Greater Oklahoma City is in the geographic center of North America equidistant from the east and west coasts and major trade partners of Canada and Mexico. The ten county region is at the crossroads of the U.S., sitting at the heart of three major national highways on the NAFTA corridor.
There's a reason Greater Oklahoma City is such a great place for business: Location. The ten county region is positioned within a day's drive of the rapidly-growing south-central region (OK, TX, AR, LA) projected to grow more than 44% during the next 25 years.
The following information was released by the Oklahoma Department of Commerce:
Protecting and enhancing Oklahoma's current aerospace industry and providing new opportunities to increase competitiveness are the focus of a new strategic report recently released by Oklahoma Aerospace Industry Partners. The report identifies Oklahoma's strengths in the industry and areas where it has potential to expand and create new quality jobs for the future.
"This report provides the public and private sector a coordinated, complementary roadmap for maintaining and growing Oklahoma's aerospace industry," said Oklahoma Secretary of Commerce and Tourism Natalie Shirley.
The project objective was to produce a plan with broad support and immediate implementation, providing project sponsors and the State of Oklahoma with tools to sustain efforts related to the aerospace industry. Sponsors of the project include the Oklahoma Aeronautics Commission, the Oklahoma Department of Commerce, Greater Oklahoma City Chamber, Tulsa Metro Chamber, Ardmore Development Authority, and the Ponca City Development Authority.
The report catalogues the state's aerospace assets, including federal government installations such as Tinker Air Force Base and the FAA Mike Monroney Aeronautical Center; major private sector companies such as American Airlines, NORDAM, Boeing, Northrop Grumman, and Spirit Aerosystems; university research capabilities; CareerTech training; testing and training facilities in a variety of aerospace applications; and progressive incentive packages designed for aerospace business expansion and attraction.
"With the aerospace/aviation industry sector being one of the largest employers in the Tulsa region and with its significant economic impact on the state of Oklahoma, it was critical to implement a statewide strategy for recruitment, retention and growth of this dynamic economic engine," said Tulsa Metro Chamber President and CEO Mike Neal.
Oklahoma's military sector is a strong focus of the report, with emphasis on maintaining Tinker Air Force Base as one of the primary centers for aerospace excellence and innovation and expanding the number and size of contractors and subcontractors that serve Tinker. Recent state legislation that offers incentives to prime contractors who subcontract work in Oklahoma is an important step in growing this segment of Oklahoma's economy.
"Aerospace and defense are essential industries in Oklahoma," said Roy Williams, president and CEO of the Greater Oklahoma City Chamber. "Different parts of the state have had various strategies in this arena, but what we have really been missing is a statewide aerospace strategy that will take us to the next level. With the Federal Aviation Administration and Tinker Air Force Base both located here, along with so many other large and small aerospace and defense companies, we need to continuously be looking for opportunities to help them grow and be successful."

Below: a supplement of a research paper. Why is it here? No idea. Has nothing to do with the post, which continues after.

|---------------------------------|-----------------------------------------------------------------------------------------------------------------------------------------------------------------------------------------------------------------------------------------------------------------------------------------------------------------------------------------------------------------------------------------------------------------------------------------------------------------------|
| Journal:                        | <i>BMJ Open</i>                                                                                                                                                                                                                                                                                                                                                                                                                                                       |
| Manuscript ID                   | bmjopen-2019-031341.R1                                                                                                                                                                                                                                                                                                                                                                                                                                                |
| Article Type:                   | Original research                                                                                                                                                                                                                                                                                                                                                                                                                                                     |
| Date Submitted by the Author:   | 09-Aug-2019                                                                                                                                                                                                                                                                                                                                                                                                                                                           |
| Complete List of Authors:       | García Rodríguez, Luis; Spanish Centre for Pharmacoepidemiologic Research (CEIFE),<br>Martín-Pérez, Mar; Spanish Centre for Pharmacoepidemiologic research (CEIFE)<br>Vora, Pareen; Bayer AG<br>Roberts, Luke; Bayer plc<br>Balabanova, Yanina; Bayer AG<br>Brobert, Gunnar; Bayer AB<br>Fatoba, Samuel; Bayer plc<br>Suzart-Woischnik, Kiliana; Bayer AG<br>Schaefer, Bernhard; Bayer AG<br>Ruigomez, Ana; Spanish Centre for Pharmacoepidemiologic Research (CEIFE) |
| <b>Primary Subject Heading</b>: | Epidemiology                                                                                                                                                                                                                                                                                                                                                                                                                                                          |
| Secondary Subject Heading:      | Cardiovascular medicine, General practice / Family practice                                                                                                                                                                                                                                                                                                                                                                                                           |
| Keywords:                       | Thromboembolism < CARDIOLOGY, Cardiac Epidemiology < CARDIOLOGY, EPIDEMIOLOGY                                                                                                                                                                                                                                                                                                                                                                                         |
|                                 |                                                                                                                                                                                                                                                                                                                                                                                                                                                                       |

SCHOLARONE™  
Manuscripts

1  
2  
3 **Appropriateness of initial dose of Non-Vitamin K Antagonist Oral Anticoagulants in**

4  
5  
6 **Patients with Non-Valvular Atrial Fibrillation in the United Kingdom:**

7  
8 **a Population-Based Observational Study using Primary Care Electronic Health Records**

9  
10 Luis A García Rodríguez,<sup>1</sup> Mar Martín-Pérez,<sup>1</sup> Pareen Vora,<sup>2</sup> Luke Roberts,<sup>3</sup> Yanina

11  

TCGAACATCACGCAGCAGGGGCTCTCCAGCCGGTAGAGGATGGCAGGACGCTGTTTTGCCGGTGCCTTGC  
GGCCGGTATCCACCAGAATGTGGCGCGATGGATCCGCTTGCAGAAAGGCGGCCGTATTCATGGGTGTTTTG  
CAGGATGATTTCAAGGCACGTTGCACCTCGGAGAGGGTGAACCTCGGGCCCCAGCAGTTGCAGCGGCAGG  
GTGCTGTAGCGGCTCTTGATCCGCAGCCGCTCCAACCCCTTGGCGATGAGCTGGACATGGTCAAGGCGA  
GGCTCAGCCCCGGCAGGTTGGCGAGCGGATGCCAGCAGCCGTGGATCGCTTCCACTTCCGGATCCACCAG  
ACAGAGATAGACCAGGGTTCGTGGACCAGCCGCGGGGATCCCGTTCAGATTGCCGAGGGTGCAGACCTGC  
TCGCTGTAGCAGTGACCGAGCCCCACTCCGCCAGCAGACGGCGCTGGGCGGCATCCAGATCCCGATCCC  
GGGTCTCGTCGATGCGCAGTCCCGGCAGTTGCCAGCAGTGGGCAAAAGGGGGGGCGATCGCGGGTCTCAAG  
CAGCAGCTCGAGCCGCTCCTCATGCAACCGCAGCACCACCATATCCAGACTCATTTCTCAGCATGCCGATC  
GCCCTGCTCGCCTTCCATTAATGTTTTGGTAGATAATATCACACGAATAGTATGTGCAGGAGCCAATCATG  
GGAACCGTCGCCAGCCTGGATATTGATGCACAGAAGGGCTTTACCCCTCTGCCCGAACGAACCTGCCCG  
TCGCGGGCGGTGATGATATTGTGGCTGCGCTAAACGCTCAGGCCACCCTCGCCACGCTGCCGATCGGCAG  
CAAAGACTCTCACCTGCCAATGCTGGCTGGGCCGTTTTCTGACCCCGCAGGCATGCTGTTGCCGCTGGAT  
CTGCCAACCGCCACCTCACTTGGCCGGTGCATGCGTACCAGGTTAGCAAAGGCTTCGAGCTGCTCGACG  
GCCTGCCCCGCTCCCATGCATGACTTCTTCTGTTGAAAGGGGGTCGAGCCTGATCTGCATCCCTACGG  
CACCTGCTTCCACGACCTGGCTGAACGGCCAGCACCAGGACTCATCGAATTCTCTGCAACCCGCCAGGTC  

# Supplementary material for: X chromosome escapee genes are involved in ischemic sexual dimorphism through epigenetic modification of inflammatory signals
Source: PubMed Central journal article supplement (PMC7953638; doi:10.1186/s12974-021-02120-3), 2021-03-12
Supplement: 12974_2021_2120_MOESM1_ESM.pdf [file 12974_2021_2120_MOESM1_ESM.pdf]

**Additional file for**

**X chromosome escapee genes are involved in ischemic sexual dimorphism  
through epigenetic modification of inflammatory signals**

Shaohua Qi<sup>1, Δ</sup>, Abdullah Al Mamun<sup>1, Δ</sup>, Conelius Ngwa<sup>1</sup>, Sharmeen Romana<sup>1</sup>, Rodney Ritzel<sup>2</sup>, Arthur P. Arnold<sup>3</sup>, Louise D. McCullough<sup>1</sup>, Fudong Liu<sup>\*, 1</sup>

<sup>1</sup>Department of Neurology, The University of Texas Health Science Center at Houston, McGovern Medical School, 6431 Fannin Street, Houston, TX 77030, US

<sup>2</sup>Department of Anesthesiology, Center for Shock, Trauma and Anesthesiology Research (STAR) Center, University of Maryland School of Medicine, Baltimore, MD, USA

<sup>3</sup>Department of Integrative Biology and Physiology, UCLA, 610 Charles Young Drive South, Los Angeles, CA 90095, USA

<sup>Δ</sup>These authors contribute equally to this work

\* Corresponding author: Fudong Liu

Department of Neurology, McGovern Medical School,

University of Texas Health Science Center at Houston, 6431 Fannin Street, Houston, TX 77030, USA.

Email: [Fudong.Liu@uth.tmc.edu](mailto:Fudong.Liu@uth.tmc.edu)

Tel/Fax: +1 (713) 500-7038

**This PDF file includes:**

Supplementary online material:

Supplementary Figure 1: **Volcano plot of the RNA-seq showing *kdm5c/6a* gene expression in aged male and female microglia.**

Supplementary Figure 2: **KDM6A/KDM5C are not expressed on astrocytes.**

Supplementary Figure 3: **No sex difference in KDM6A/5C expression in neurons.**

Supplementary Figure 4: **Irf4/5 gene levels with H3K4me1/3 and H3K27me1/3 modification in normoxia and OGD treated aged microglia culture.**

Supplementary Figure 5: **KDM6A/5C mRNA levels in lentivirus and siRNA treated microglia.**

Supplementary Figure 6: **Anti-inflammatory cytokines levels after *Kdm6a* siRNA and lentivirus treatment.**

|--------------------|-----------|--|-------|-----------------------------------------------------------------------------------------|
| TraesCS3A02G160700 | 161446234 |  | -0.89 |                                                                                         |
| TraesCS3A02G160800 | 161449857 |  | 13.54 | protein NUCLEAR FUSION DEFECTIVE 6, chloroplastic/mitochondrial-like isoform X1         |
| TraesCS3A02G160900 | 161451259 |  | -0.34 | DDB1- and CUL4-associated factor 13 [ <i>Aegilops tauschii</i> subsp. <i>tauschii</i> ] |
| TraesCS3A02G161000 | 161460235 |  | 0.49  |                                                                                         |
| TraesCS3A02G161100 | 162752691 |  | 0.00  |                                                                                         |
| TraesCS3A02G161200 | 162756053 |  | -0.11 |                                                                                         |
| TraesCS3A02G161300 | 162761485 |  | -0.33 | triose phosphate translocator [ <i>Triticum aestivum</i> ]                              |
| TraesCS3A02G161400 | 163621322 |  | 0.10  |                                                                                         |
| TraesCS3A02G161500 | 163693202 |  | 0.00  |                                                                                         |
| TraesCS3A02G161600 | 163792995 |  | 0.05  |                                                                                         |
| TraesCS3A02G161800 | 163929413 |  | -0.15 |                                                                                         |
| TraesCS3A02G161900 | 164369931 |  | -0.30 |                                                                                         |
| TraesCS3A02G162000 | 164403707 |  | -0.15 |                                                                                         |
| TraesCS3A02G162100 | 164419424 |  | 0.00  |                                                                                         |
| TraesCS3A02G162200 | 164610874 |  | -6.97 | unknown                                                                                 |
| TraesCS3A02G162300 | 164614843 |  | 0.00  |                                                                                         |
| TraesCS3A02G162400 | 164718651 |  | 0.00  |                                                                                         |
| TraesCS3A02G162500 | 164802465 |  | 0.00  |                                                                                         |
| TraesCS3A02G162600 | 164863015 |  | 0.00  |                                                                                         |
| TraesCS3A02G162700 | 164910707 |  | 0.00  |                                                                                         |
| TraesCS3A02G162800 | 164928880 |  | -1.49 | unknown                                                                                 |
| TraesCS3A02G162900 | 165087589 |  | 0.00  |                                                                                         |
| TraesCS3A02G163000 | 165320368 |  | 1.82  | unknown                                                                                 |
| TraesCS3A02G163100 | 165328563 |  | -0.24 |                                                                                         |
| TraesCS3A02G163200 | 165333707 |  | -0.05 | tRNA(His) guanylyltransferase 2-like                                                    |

Recognizing the state's challenges that can prohibit growth and competitiveness, the plan calls for aggressive investment in industry research and commercialization as well as increased science, technology, engineering and mathematics education.
"Workforce is a driving factor for this industry," explains Robert Conner, executive director of the Oklahoma Aerospace Institute. "With an aging workforce, maintaining a healthy pipeline of qualified technicians and engineers for the future will be essential. This plan offers an aggressive action plan for growing jobs in the near term and developing the pipeline of knowledge-based workers to sustain the industry for decades to come."
Testing and training facilities in a variety of aerospace applications such as the Lawton unoccupied aerial systems testing facility, sensor testing and evaluation at Oklahoma State University's University Multispectral Laboratories in Ponca City and research and development of advanced systems at the University of Oklahoma offer Oklahoma significant opportunities to expand its reach in new aerospace initiatives beyond the existing strong maintenance, repair and overhaul (MRO) activities.
Ardmore Development Authority President Wes Stucky said a critical component of the plan calls for the creation of a statewide TeamAero Oklahoma to market and promote the state globally.
"It's not enough to take these progressive actions to ensure a robust aerospace industry for the state," said Stucky. "We have to make every Oklahoman, every potential business or customer, and the entire global aerospace industry aware of what Oklahoma has to offer."
Vic Bird, director of the Oklahoma Aeronautics Commission, said the completion of the study is only a first step in taking the Oklahoma aerospace industry to the next level.
"The aerospace industry has been a cornerstone of Oklahoma's economy for decades," said Bird, noting that Oklahoma is recognized as one the seven centers in the world for the MRO of aircraft. "It accounts for more than 143,000 direct and indirect jobs with an average wage of nearly $55,000, almost double the state's average. It is incumbent upon the Oklahoma Aerospace Industry Partners to implement strategies today that will ensure the industry thrives for future generations."
The full report is available for download on the Oklahoma Department of Commerce website at www.okcommerce.gov/aerospace.